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Samuel Palmer. 1805-1881.

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The Herdsman's Cottage, or, Sunset. 1888. Etching. Lister 3.ii. Image 3 7/8 x 3; plate 4 7/8 x 4; sheet 9 x 6 3/4). As published in, The Portfolio, 1872. Illustrated: Print Collector's Quarterly 3 (1913): 213. A fine impression printed on cream laid paper, with the etched initials in the lower margin. $975.

The plate was not published until 1872, when Philip Gilbert Hamerton included it in The Portfolio. In 1875,Hamerton published it in his book, Examples of Modern Etching. In 1880, he published it for a third time in his seminal book, Etching and Etchers. The later impressions are of lesser quality than this first published issue.

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The son of a bookseller, Samuel Palmer began painting at the age of thirteen. One year later he exhibited at the Royal Academy. In 1826 he moved to the remote village of Shoreham in Kent where he and such fellow artists as George Richmond and Edward Calvert formed the group now known as 'The Ancients'. Inspired by the poetry of Virgil and Milton and, most particularly by the writings and art of William Blake (whom Samuel Palmer first met in 1824), these artists produced some of the greatest pastoral imagery in the history of British art. Partly because he lived in somewhat isolated conditions and partly because his work was anything but 'Victorian' in both style and temperament, the art of Samuel Palmer was not fully appreciated during his life. In the early twentieth century, however, Samuel Palmer's watercolours and most specifically his etchings came to the forefront. Championed by such scholars and artists as Martin Hardie, Lawrence Binyon, Sir Frank Short, F. L. Griggs, William Larkins, Paul Nash and Graham Sutherland, Palmer has now taken his place as a most important figure in English nineteenth century art.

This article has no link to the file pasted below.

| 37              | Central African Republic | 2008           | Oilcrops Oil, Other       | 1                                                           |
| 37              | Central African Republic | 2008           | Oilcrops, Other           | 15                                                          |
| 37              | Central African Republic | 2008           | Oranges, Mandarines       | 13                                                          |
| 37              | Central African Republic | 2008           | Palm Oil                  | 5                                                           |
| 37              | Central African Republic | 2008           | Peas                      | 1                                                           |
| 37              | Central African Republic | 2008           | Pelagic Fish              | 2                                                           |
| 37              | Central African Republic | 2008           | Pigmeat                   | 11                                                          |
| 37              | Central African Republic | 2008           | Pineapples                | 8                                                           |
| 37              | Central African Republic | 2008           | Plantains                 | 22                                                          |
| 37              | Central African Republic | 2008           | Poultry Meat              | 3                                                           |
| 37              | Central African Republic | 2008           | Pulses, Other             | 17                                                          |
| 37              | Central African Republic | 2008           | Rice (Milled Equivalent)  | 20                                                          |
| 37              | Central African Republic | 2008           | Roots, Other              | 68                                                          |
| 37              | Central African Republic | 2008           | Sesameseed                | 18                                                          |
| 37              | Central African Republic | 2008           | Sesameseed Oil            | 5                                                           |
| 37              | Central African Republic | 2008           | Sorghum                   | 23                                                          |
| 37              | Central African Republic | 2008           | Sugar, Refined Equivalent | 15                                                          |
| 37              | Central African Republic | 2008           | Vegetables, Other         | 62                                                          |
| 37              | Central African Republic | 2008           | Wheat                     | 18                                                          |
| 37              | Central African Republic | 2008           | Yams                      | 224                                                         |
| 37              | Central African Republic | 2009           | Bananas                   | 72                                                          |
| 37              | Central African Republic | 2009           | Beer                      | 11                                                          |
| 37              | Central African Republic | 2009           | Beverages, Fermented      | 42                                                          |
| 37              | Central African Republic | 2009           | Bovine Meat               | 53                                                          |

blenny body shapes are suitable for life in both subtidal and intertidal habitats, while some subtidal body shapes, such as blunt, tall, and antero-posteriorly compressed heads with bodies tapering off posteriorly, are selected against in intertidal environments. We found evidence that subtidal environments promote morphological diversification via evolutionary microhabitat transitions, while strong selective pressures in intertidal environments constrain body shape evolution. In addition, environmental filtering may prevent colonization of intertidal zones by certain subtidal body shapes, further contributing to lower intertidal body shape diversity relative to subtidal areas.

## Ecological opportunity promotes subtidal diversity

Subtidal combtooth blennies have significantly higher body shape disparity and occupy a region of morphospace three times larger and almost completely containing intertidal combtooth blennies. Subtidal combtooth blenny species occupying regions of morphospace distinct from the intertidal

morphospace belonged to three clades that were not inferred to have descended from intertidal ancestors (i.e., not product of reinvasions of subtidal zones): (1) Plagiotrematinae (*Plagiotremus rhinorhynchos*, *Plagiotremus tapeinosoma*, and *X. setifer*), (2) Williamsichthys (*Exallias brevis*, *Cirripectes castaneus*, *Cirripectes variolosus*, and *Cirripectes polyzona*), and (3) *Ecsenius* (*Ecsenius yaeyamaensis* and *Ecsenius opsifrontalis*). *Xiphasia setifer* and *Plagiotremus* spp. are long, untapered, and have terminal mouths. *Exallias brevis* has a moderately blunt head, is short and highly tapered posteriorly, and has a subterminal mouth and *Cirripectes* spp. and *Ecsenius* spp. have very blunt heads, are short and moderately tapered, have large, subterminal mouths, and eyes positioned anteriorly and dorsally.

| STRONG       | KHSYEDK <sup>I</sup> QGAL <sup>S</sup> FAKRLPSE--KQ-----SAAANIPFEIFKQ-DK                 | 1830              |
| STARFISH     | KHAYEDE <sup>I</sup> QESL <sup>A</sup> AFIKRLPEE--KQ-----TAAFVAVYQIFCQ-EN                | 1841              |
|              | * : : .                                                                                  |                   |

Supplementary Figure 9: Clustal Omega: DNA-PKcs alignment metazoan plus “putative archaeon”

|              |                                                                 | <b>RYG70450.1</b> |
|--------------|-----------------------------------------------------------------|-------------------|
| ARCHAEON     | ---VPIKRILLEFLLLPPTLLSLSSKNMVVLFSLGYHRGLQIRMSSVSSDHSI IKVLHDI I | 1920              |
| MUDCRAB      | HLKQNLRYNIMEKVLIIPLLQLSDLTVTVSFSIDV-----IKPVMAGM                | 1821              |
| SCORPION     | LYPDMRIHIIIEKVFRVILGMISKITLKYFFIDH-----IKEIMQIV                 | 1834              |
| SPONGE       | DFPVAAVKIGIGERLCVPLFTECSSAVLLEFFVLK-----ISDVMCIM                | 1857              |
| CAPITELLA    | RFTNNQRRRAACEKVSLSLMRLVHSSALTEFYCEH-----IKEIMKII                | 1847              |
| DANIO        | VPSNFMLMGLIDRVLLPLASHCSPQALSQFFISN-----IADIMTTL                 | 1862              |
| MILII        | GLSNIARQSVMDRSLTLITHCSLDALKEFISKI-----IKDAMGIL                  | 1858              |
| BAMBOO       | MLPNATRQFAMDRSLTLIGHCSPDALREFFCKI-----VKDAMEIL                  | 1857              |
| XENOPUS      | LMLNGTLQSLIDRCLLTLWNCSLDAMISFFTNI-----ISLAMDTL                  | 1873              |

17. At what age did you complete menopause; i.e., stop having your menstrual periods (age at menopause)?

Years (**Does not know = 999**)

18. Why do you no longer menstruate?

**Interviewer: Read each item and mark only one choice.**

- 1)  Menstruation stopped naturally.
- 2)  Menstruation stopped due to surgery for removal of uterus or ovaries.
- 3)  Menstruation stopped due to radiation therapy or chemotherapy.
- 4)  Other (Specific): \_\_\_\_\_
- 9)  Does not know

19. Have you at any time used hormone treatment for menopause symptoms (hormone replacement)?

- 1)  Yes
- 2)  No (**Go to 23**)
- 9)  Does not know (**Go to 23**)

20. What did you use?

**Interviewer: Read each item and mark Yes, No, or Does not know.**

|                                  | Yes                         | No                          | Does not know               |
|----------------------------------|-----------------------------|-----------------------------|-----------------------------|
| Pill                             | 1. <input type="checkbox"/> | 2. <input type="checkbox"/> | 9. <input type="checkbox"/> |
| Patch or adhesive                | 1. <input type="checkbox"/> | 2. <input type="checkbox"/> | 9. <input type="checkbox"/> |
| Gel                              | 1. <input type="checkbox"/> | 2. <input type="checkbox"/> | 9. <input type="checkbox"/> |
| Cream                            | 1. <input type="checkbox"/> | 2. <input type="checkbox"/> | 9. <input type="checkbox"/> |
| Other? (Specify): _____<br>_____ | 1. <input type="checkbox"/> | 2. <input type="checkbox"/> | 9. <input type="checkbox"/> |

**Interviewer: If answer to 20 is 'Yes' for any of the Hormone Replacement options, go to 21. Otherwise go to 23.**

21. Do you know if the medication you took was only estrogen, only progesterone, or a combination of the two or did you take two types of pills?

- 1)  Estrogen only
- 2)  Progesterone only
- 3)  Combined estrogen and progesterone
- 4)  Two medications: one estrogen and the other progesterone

Samuel Palmer began his first etching in 1850. The same year he was elected to the Etching Club. He completed only seventeen works of art in this medium for which now he is most famous. Of etching Palmer wrote, "It is my misfortune to work slowly, not from any wish to niggle, but because I cannot otherwise get certain shimmerings of light, and mysteries of shadow; so that only a pretty good price would yield a journeyman's wages." * Thus financial necessity drove Samuel Palmer to dedicate more time to watercolours than to etching.

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